It's more than likely you keep tabs on your calorie consumption and calorie exertion. But, like many of us, you probably wonder how much energy is burned when you head to the pool for a training swim.
Swimming is, without question, an effective way to torch calories. And, since swimming is a non-impact sport, it's neutral on common problems areas like the lower back and knees. So if you're plagued by injury, it's a great option for many adults looking for an energy-burning activity.
But how much of a calorie-burning workout is it, truly? And how does it stack up to other endurance activities like running and cycling?
The answer varies, but we do have a few numbers you can chew on.
A few things to consider here: First, your weight plays a big factor in how much is burned. Generally, the more you weigh, the more you burn.
But to make things even foggier (goggle pun), a person's metabolism is also a factor in how many calories are burned, and metabolism varies no matter what your weight is.
It's difficult to calculate individual metabolism, so these numbers are based on basal metabolic rate for average people in a variety of weight classes.
How Many Calories are Burned Swimming?
The site Nutristrategy.com has estimates from research data from the American College of Sports Medicine. These estimates are based on one hour of swimming, rather than the total distance an athlete covers.
And of course, it varies by your weight:
- A 130-pound person swimming freestyle for one hour will burn 590 calories swimming fast, and 413 calories swimming slower.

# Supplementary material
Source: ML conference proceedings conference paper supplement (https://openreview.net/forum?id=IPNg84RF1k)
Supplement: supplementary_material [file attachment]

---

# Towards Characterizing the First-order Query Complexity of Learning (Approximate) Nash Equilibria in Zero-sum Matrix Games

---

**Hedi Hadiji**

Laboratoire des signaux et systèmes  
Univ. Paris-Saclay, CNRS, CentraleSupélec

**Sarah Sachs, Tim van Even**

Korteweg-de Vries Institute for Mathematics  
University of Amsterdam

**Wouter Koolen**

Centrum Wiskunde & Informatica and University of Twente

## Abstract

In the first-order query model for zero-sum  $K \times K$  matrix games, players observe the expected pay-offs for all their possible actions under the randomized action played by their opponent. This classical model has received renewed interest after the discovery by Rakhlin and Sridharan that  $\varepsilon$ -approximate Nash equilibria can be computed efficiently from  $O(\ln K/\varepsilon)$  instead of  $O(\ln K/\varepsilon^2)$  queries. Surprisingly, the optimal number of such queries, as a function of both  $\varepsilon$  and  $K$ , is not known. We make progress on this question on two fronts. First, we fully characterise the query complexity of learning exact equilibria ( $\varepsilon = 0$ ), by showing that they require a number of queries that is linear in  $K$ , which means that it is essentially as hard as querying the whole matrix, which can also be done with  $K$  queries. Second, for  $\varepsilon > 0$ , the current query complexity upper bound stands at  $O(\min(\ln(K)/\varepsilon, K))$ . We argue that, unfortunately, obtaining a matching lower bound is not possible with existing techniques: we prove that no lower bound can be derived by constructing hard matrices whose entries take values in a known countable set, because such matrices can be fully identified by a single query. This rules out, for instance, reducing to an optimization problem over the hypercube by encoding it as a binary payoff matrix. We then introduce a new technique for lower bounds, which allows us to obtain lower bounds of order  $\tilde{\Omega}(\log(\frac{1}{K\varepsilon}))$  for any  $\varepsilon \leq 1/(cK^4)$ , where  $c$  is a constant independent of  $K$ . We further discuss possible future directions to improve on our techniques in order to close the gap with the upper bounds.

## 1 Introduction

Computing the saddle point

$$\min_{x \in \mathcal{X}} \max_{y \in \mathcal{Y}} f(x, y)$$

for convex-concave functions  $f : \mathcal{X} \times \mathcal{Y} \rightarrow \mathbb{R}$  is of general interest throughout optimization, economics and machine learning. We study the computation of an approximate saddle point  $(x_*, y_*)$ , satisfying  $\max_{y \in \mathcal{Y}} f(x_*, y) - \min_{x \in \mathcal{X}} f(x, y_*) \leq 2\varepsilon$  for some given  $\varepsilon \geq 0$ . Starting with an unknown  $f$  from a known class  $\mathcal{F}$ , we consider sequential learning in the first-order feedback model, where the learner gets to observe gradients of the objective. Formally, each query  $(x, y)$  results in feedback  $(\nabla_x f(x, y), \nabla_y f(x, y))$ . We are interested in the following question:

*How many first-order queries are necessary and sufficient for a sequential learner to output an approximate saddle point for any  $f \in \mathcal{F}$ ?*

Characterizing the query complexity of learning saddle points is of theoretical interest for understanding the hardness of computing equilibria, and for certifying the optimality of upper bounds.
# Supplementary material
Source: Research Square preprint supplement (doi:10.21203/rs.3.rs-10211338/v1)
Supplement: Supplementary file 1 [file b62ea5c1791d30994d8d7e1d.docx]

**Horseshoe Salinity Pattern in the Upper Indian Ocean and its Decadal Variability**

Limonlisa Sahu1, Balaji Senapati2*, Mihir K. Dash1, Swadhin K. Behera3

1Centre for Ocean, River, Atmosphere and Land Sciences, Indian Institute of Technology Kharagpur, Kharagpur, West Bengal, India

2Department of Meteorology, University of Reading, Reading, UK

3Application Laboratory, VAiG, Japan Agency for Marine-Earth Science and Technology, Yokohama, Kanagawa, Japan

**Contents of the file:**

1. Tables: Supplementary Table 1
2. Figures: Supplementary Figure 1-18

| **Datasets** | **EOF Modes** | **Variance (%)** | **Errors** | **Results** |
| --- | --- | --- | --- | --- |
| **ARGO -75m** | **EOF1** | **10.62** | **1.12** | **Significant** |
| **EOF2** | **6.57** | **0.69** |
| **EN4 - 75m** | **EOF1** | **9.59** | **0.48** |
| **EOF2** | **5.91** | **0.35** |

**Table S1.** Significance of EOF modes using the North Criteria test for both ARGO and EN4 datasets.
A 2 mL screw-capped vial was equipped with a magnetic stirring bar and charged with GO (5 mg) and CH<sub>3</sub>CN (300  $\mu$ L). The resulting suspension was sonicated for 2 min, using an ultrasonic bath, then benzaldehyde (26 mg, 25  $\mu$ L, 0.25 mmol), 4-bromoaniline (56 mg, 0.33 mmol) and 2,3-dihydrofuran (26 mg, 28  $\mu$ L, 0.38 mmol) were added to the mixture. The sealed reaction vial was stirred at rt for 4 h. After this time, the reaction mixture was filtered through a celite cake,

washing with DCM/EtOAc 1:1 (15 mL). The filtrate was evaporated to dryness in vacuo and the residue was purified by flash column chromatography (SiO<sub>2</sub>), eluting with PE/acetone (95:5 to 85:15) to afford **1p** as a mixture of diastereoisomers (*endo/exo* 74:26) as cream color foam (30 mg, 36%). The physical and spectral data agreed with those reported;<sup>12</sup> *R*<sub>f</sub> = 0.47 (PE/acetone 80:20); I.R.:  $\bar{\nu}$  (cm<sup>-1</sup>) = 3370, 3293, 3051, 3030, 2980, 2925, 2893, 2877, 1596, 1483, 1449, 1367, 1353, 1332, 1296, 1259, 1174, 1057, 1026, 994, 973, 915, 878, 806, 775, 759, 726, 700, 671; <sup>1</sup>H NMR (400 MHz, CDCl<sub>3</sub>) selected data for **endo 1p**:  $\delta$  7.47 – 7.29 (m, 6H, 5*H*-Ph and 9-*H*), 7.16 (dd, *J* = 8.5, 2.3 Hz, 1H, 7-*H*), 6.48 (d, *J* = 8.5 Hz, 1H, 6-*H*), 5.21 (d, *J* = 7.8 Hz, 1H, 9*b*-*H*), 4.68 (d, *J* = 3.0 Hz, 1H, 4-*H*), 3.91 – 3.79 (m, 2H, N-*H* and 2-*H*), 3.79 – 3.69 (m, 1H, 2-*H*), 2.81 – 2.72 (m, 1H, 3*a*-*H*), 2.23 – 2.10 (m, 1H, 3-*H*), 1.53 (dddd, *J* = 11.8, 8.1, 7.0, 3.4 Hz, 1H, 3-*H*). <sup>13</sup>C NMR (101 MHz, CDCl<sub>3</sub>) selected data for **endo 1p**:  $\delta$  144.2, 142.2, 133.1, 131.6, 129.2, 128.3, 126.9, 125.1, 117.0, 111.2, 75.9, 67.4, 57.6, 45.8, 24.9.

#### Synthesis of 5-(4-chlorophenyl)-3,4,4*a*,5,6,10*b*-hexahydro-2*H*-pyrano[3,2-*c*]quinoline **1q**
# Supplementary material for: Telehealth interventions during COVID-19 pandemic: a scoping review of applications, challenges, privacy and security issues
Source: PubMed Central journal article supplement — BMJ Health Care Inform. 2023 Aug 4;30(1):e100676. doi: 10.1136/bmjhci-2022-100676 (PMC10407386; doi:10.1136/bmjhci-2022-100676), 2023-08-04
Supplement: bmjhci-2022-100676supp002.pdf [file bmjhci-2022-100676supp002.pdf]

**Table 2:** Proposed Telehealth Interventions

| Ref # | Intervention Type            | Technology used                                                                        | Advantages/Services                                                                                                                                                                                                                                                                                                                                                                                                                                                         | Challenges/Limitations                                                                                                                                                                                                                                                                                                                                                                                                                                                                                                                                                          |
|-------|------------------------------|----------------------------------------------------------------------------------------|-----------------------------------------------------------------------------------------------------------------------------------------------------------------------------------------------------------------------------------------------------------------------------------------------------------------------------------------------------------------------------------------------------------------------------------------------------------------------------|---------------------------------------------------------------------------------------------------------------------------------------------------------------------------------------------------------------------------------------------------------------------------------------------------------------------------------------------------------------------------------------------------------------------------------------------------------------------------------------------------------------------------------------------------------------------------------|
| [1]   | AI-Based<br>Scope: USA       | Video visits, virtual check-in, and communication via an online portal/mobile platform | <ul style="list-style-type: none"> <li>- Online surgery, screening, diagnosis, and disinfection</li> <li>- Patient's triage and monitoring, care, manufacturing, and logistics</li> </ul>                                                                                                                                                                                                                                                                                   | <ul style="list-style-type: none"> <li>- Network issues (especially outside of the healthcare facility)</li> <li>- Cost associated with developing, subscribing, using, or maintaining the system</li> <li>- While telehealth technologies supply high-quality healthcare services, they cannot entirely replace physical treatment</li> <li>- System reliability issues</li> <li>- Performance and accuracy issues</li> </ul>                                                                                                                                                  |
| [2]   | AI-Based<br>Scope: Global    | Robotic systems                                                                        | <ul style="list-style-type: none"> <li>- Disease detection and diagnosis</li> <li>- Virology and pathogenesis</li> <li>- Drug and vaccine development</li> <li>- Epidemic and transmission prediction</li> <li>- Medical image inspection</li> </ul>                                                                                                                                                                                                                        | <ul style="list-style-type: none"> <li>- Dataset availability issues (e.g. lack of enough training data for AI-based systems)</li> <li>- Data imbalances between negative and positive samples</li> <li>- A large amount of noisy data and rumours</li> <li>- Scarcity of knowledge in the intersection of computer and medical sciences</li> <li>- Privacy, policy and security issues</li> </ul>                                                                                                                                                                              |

- A 155-pound person swimming freestyle for one hour will burn 704 calories swimming fast, and 493 calories swimming slower.
- A 180-pound person swimming freestyle for one hour will burn 817 calories swimming fast, and 572 calories swimming slower.
- A 205-pound person swimming freestyle for one hour will burn 931 calories swimming fast, and 651 calories swimming slower.
The estimates don't stop at freestyle. Generally, swimmers will burn the same amount of calories doing backstroke than they will doing a slower freestyle, according to Nutristrategy.
Swimming breaststroke for an hour will burn a similar amount of calories to doing a fast freestyle workout.
For the king of calorie-burning swimming workouts, though, swim an hour doing butterfly (if you dare). The calorie torching ranges from 649 calories for a 130-pounder to 1,024 calories for a 205-pounder.
How Does it Compare to Other Sports?
With those numbers in mind, is swimming the best option for someone looking to burn calories?
Well, no—of all the activities Nutristrategy documents, cross-country skiing uphill burns the most (have fun doing that!). But among the most common endurance sports disciplines, swimming holds its own.
Running for an hour at a 9:00/mile pace burns anywhere from 649 to 1,024 calories depending on your weight, and the amount of calories burned naturally goes up the faster you go. This is in line with the widely held belief that running is the best endurance sport for weight loss.
Cycling for an hour at 15 miles per hour will burn anywhere from 590 to 931 calories depending on weight.
Swimming is right in the discussion, and considering how easy the sport is on your joints, it's a workout you can enjoy doing—while knowing that you're getting results.
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